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2. Experiment The SiCOH films were prepared on 8 in. p-type (100) silicon substrates in a radio frequency (13.56 MHz) PECVD reactor (Applied Materials, DXZ) using a gas mixture of trimethylsilane (3MS) and oxygen. The deposition temperatures employed ranged between 200 and 400 8C and other process parameters including gas flow rates and pressure were kept same for the different growth runs. The refractive index of the films was measured using Opti-probe (Therma-wave) system. FTIR analysis was carried out using a BioRad, 2200ME and dielectric constant was measured using SSM mercury probe CV system (SSM 495). All the films were characterized after annealing at , 450 8C unless otherwise indicated. It is found that the deposition temperatures have significant effects on the properties of the films.

3. Results and discussion 3.1. Temperature dependency of the deposition Fig. 1 shows the deposition rate of low-k SiCOH films as function of deposition temperature. It was found that the deposition rate reduced as the deposition temperature increased. This type of behavior is different from a typical thermally activated process encountered in the formation of films such as silicon oxide or nitride. Kim et al. [5] have suggested that the apparently higher growth rates at lower temperatures could be associated with the presence of voids within the films due to Si –CH3 bonds. Accordingly, the density of the films deposited at lower temperatures will be lower which can reflect on the refractive index values (lower the density, lower the refractive index). Fig. 2 shows the refractive index for the lower temperature deposited films. The activation energy of the thermally ‘inactivated’ [5] process is calculated using Arrhenius plot as shown in Fig. 3. The data points fit very well to an equation RðTÞ ¼ 283 expð20:13 eV=kTÞ A=min

Fig. 1. The dependence of deposition rate on the deposition temperature.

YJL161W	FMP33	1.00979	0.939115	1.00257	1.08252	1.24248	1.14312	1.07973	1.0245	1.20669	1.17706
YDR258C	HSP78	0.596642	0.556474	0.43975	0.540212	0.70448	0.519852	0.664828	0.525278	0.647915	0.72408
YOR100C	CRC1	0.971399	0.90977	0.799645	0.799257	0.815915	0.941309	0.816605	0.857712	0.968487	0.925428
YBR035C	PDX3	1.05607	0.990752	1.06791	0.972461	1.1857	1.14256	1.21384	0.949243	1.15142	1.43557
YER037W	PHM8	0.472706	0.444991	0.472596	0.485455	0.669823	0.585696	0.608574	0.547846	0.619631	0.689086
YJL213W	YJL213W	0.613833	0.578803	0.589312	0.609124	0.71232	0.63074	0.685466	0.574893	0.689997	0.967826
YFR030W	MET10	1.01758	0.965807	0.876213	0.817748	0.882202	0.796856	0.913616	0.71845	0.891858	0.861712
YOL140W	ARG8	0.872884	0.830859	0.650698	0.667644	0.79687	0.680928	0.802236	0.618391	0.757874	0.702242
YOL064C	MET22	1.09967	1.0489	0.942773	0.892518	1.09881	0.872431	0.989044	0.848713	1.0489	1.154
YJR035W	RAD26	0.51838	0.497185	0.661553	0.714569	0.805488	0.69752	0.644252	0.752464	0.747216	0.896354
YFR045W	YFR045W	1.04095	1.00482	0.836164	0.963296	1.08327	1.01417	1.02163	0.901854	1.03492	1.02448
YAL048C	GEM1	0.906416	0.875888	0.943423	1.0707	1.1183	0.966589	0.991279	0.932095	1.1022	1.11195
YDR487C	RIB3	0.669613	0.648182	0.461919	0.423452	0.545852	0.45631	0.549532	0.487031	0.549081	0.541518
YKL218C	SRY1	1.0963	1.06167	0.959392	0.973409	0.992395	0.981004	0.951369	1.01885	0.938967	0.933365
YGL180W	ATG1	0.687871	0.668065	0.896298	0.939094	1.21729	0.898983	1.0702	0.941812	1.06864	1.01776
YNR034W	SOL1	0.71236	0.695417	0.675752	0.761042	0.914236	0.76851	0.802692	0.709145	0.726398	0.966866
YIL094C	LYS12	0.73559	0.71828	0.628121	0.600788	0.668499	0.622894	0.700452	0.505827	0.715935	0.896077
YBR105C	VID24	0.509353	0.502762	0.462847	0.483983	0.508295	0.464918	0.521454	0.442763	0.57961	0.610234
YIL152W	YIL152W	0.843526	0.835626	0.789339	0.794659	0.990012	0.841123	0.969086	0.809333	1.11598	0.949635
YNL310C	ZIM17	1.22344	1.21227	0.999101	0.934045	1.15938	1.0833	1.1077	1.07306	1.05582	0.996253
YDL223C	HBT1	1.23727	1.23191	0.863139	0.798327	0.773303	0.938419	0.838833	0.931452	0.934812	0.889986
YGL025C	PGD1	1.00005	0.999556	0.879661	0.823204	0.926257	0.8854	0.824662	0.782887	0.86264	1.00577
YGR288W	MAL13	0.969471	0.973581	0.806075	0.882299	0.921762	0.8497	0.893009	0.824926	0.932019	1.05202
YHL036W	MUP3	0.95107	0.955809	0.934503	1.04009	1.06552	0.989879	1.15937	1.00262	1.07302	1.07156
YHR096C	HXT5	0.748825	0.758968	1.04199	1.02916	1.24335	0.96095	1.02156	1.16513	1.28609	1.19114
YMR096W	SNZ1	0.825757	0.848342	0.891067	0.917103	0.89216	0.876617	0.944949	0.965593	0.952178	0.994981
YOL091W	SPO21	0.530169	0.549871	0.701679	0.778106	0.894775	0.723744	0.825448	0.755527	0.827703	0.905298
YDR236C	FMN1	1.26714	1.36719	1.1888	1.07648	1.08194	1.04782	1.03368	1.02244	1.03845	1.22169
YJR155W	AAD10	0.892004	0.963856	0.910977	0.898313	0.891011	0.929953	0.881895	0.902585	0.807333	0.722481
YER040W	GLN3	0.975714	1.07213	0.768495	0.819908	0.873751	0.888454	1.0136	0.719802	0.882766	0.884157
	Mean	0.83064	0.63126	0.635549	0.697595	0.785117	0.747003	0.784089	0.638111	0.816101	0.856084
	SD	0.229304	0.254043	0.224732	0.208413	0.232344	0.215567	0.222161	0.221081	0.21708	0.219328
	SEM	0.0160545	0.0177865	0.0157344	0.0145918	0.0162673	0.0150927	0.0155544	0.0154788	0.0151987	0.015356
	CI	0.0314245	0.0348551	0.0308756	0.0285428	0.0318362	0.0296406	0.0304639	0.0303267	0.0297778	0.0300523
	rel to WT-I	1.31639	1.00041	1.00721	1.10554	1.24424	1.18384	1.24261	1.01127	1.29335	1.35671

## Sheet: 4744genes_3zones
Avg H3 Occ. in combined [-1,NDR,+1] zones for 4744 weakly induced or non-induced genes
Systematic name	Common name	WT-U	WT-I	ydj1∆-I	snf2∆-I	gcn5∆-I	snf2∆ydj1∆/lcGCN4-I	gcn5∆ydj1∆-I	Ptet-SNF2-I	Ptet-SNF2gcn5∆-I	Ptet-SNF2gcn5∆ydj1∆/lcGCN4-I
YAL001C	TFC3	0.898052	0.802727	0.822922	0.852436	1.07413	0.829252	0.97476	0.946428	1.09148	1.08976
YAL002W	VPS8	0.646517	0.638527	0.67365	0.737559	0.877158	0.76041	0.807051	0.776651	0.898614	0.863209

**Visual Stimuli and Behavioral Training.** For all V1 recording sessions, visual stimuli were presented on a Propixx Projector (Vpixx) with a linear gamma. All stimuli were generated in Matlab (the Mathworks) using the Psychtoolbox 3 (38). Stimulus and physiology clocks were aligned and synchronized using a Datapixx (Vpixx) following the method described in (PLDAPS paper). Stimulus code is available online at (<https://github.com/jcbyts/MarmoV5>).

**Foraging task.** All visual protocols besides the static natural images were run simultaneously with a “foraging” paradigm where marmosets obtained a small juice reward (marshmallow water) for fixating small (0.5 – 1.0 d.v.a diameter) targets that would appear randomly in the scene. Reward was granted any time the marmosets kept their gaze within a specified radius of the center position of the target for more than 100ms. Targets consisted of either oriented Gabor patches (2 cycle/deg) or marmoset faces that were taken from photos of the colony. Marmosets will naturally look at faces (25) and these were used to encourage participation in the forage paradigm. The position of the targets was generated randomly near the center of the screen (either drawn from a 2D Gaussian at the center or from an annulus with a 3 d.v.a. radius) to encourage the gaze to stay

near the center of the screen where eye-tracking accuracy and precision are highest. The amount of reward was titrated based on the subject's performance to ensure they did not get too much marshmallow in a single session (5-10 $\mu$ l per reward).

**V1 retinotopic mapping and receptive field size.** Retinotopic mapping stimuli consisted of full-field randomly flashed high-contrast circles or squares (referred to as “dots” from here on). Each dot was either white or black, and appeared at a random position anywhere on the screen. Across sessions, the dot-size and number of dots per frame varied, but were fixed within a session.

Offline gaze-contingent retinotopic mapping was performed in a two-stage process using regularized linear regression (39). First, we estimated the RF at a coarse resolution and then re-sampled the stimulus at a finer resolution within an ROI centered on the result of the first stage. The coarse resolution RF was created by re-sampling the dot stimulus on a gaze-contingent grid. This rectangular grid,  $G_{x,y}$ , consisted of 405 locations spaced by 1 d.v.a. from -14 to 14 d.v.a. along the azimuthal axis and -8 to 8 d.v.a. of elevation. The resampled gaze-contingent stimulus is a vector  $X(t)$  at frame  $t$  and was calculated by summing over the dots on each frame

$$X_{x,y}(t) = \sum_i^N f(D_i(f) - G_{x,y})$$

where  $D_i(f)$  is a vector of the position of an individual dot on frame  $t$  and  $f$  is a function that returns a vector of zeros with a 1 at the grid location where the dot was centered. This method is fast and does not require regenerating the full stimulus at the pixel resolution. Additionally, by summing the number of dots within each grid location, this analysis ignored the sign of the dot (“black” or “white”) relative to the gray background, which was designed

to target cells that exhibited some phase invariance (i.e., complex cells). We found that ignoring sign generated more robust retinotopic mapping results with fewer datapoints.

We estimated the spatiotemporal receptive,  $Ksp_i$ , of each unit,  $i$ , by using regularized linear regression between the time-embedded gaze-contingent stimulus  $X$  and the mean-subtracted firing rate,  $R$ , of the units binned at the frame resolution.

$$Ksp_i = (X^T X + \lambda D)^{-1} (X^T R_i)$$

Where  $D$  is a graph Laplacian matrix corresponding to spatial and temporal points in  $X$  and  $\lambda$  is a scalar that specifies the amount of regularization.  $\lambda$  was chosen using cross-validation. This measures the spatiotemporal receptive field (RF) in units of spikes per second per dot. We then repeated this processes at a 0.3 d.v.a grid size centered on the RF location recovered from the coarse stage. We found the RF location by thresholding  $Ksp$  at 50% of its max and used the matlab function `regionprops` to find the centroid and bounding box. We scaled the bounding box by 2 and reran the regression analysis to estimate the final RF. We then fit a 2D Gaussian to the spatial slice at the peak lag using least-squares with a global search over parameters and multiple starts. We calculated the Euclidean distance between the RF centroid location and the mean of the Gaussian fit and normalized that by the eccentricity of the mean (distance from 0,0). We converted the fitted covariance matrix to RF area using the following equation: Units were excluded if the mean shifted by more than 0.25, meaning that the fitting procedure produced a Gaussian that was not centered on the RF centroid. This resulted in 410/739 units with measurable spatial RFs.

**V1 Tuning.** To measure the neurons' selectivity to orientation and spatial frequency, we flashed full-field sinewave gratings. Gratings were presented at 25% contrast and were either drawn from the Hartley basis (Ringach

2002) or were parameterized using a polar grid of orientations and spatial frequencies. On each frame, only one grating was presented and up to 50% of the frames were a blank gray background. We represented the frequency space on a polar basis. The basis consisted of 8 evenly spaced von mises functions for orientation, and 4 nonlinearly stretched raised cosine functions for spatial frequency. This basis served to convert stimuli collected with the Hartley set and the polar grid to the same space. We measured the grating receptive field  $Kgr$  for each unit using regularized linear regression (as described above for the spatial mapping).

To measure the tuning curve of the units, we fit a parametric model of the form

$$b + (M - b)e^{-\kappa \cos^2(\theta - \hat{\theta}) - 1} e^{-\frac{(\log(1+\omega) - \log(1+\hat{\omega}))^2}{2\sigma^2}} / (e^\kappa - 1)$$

Fig. 2. Refractive indexes of SiCOH films as a function of deposition temperature.

3.2. FTIR spectra The information on the vibration states as studied using FTIR is shown in Fig. 4(a) and (b) for films deposited at different temperatures. The strong peaks at 1036 and 1100 cm21 are derived from Si – O asymmetric and Si – O –Si stretch bonds, respectively [5]. The small peak seen at 1268 cm21 is assigned to the Si –CH3 bond. It is clear that the Si – CH3 bond related vibration are prominently seen in the films deposited at lower temperatures and its presence decreases as deposition temperature increases. This shift means that the Si – O – Si framework is loosened by substitution of Si – CH3 for Si –O [6]. The Si – O stretch peak at 1036 cm21 contains a shoulder, indicating that the open chain and caged Si – O structural configuration coexist in this bond [4,7]. The deposition at different temperatures ranging from 200 to 400 8C, keeping other parameters identical caused a reduction of C and H concentration as observed from the FTIR spectra. Similarly Si – CH3 peak reduced, as temperature is increased. Meanwhile the film deposited at 2008C had the strongest Si – CH3 and C – H peak compared with films deposited at temperatures above 250 8C. The dielectric constant of all these, as deposited films were between 2.8 and 3.0. Post-annealing of these films had little or no impact on the dielectric constant except for the film deposited at 200 8C. For the film deposited at 200 8C, the dielectric

Fig. 3. Arrhenius plot for deposition vs temperature.